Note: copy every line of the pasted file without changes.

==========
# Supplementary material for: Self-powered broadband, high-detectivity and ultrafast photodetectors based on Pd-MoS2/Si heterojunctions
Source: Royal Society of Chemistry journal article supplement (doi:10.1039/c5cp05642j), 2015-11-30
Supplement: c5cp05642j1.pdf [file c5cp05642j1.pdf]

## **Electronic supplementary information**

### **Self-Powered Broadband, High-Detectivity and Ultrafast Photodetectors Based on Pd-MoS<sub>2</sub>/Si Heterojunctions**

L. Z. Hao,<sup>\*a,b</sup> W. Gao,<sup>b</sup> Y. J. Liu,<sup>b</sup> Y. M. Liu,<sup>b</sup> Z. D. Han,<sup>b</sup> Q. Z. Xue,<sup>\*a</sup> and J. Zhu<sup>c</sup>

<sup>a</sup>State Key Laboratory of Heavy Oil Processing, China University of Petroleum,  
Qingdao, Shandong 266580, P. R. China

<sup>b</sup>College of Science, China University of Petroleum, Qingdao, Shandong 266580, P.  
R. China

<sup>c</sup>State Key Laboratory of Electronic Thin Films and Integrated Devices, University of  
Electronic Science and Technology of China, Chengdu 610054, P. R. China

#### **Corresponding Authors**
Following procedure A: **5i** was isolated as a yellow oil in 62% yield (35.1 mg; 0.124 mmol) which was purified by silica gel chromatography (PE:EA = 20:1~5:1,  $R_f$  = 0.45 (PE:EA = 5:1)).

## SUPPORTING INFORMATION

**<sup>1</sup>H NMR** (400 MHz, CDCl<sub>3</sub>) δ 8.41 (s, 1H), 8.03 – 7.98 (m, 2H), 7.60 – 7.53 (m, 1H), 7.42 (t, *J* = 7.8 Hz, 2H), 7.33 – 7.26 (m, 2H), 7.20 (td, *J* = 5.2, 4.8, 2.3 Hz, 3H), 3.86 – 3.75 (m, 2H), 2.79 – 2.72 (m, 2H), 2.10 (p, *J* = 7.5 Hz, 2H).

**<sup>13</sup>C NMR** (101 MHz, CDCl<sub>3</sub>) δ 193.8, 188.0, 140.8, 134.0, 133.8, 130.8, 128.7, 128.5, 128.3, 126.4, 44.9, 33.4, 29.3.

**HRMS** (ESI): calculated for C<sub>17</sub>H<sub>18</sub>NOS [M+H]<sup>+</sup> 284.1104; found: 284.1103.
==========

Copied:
# Supplementary material for: Self-powered broadband, high-detectivity and ultrafast photodetectors based on Pd-MoS2/Si heterojunctions
Source: Royal Society of Chemistry journal article supplement (doi:10.1039/c5cp05642j), 2015-11-30
Supplement: c5cp05642j1.pdf [file c5cp05642j1.pdf]

## **Electronic supplementary information**

### **Self-Powered Broadband, High-Detectivity and Ultrafast Photodetectors Based on Pd-MoS<sub>2</sub>/Si Heterojunctions**

L. Z. Hao,<sup>\*a,b</sup> W. Gao,<sup>b</sup> Y. J. Liu,<sup>b</sup> Y. M. Liu,<sup>b</sup> Z. D. Han,<sup>b</sup> Q. Z. Xue,<sup>\*a</sup> and J. Zhu<sup>c</sup>

<sup>a</sup>State Key Laboratory of Heavy Oil Processing, China University of Petroleum,  
Qingdao, Shandong 266580, P. R. China

<sup>b</sup>College of Science, China University of Petroleum, Qingdao, Shandong 266580, P.  
R. China

<sup>c</sup>State Key Laboratory of Electronic Thin Films and Integrated Devices, University of  
Electronic Science and Technology of China, Chengdu 610054, P. R. China

#### **Corresponding Authors**
Following procedure A: **5i** was isolated as a yellow oil in 62% yield (35.1 mg; 0.124 mmol) which was purified by silica gel chromatography (PE:EA = 20:1~5:1,  $R_f$  = 0.45 (PE:EA = 5:1)).

## SUPPORTING INFORMATION

**<sup>1</sup>H NMR** (400 MHz, CDCl<sub>3</sub>) δ 8.41 (s, 1H), 8.03 – 7.98 (m, 2H), 7.60 – 7.53 (m, 1H), 7.42 (t, *J* = 7.8 Hz, 2H), 7.33 – 7.26 (m, 2H), 7.20 (td, *J* = 5.2, 4.8, 2.3 Hz, 3H), 3.86 – 3.75 (m, 2H), 2.79 – 2.72 (m, 2H), 2.10 (p, *J* = 7.5 Hz, 2H).

**<sup>13</sup>C NMR** (101 MHz, CDCl<sub>3</sub>) δ 193.8, 188.0, 140.8, 134.0, 133.8, 130.8, 128.7, 128.5, 128.3, 126.4, 44.9, 33.4, 29.3.

**HRMS** (ESI): calculated for C<sub>17</sub>H<sub>18</sub>NOS [M+H]<sup>+</sup> 284.1104; found: 284.1103.